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At the hands of persons unknown : the lynching of Black America

by Dray, Philip.

Format: Print Book 2002
Availability: Available at 6 Libraries 6 of 6 copies
Available (6)
Location Collection Call #
CLP - Hill District Non-Fiction Collection HV6464.D73 2002
Location  CLP - Hill District
 
Collection  Non-Fiction Collection
 
Call Number  HV6464.D73 2002
 
 
CLP - Homewood African American HV6464.D73 2002
Location  CLP - Homewood
 
Collection  African American
 
Call Number  HV6464.D73 2002
 
 
CLP - Main Library Mezzanine - Non-fiction HV6464.D73 2002
Location  CLP - Main Library
 
Collection  Mezzanine - Non-fiction
 
Call Number  HV6464.D73 2002
 
 
Carnegie Library of Homestead Non Fiction 364.13 Dray
Location  Carnegie Library of Homestead
 
Collection  Non Fiction
 
Call Number  364.13 Dray
 
 
Monroeville Public Library Non-fiction 364.134 D
Location  Monroeville Public Library
 
Collection  Non-fiction
 
Call Number  364.134 D
 
 
Penn Hills Library Non-Fiction 364.134 DRA
Location  Penn Hills Library
 
Collection  Non-Fiction
 
Call Number  364.134 DRA
 
 
Summary
It is easy to shrink from our country's brutal history of lynching. Lynching is called the last great skeleton in our nation's closet: It terrorized all of black America, claimed thousands upon thousands of victims in the decades between the 1880s and the Second World War, and leaves invisible but deep scars to this day. The cost of pushing lynching into the shadows, however--misremembering it as isolated acts perpetrated by bigots on society's fringes--is insupportably high: Until we understand how pervasive and socially accepted the practice was--and, more important, why this was so--it will haunt all efforts at racial reconciliation. "I could not suppress the thought," James Baldwin once recalled of seeing the red clay hills of Georgia on his first trip to the South, "that this earth had acquired its color from the blood that had dripped down from these trees." Throughout America, not just in the South, blacks accused of a crime--or merely of violating social or racial customs--were hunted by mobs, abducted from jails, and given summary "justice" in blatant defiance of all guarantees of due process under law. Men and women were shot, hanged, tortured, and burned, often in sadistic, picnic-like "spectacle lynchings" involving thousands of witnesses. "At the hands of persons unknown" was the official verdict rendered on most of these atrocities. The celebrated historian Philip Dray shines a clear, bright light on this dark history--its causes, perpetrators, apologists, and victims. He also tells the story of the men and women who led the long and difficult fight to expose and eradicate lynching, including Ida B. Wells, James Weldon Johnson, Walter White, and W.E.B. Du Bois. If lynching is emblematic of what is worst about America, their fight may stand for what is best: the love of justice and fairness and the conviction that one individual's sense of right can suffice to defy the gravest of wrongs. This landmark book follows the trajectory of both forces over American history--and makes the history of lynching belong to us all.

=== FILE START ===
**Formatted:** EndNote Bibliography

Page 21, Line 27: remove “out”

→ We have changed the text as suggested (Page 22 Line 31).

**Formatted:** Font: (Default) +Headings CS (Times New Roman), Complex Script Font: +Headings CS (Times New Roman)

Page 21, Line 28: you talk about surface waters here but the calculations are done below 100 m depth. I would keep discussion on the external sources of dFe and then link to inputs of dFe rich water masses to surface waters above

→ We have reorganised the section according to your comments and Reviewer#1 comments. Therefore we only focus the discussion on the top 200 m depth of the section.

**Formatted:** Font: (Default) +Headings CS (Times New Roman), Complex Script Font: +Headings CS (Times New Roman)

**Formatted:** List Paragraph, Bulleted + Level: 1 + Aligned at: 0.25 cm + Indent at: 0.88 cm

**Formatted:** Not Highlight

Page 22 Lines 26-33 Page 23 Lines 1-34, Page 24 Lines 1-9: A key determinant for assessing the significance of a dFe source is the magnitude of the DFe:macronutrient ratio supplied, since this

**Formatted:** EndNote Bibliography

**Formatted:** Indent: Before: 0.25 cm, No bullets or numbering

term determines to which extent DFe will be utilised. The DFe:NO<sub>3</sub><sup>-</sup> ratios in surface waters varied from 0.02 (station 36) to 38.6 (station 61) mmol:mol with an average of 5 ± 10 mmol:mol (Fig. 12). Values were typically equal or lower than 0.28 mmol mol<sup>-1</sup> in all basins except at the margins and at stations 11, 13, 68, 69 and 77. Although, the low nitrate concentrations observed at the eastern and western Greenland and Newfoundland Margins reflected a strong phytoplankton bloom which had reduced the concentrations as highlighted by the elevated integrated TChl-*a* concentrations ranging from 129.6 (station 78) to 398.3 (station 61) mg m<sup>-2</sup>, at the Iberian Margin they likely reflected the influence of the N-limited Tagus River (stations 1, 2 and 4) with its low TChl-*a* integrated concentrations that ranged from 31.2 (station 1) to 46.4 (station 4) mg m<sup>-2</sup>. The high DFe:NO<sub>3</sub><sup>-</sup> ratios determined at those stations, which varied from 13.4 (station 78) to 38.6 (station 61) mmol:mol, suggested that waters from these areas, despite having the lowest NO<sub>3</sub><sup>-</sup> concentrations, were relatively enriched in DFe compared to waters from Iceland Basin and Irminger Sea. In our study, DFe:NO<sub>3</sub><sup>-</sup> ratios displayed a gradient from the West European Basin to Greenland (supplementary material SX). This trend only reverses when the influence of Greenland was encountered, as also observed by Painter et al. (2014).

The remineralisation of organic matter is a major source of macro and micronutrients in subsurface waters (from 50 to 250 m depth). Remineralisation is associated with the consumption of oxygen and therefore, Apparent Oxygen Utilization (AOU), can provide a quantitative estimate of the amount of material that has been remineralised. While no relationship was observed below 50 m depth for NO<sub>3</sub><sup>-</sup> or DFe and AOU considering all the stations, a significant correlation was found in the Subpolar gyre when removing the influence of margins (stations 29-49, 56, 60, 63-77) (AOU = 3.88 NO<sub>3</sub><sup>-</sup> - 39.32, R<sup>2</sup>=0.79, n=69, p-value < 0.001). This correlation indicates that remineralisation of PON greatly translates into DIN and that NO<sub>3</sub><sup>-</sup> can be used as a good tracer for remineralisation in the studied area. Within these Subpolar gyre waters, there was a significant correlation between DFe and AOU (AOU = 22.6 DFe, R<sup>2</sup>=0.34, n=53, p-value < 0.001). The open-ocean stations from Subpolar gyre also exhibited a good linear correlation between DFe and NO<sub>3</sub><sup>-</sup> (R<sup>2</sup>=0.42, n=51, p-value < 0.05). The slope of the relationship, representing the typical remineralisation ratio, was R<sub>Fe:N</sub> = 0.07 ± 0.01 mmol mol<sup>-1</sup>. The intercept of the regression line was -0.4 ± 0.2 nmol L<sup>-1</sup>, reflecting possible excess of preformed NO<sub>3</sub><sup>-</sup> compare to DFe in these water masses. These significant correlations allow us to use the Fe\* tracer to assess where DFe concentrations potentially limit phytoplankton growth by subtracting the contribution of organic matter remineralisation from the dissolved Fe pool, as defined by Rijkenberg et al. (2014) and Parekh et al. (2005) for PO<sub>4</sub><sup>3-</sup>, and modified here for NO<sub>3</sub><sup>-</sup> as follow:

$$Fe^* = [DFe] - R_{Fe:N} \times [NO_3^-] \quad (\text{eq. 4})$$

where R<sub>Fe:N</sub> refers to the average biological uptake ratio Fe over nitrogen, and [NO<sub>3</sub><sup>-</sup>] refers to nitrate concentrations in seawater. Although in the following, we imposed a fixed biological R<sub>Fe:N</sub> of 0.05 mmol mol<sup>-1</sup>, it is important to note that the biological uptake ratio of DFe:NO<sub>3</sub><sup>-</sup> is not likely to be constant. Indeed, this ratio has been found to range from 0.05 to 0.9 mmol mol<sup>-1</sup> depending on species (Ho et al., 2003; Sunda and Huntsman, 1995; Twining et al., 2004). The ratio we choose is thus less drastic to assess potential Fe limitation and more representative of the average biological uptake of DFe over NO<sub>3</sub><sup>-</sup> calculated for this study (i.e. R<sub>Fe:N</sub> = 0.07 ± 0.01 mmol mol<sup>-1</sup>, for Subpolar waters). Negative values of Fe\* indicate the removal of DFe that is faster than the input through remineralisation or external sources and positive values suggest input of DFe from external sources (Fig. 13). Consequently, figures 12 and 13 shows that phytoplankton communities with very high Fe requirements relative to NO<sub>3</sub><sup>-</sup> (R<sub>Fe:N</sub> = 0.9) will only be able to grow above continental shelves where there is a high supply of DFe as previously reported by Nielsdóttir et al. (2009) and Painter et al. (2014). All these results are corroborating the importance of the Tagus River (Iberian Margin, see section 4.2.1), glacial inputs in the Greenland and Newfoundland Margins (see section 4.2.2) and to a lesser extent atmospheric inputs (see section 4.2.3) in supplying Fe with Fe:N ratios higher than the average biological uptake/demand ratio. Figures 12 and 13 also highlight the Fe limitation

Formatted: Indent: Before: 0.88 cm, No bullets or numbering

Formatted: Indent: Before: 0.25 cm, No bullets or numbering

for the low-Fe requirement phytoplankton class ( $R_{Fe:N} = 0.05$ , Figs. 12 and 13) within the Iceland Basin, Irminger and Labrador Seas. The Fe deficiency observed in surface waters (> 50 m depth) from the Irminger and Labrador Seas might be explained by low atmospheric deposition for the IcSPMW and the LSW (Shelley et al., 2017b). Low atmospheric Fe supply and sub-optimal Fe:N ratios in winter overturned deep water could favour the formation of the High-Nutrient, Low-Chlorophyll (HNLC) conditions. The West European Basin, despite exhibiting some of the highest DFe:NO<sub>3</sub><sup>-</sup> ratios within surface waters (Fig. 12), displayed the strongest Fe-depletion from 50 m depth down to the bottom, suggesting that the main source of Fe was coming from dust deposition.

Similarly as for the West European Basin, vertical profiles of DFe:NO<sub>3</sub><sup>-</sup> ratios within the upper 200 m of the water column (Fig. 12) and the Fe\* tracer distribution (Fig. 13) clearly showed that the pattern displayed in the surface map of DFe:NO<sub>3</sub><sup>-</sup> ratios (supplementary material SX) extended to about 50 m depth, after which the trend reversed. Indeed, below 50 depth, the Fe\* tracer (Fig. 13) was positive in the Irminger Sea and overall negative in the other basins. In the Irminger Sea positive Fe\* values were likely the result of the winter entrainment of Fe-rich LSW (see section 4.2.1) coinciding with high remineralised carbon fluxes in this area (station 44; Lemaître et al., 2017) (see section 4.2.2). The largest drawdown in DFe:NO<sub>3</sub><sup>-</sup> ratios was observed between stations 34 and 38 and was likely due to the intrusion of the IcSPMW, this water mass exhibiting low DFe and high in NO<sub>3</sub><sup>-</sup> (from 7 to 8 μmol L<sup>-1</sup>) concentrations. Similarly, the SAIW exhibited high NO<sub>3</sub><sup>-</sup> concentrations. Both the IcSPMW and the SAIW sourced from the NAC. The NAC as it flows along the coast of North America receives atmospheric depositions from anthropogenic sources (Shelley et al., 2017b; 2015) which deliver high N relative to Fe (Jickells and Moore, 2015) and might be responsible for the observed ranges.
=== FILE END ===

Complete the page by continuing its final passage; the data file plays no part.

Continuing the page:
Published Reviews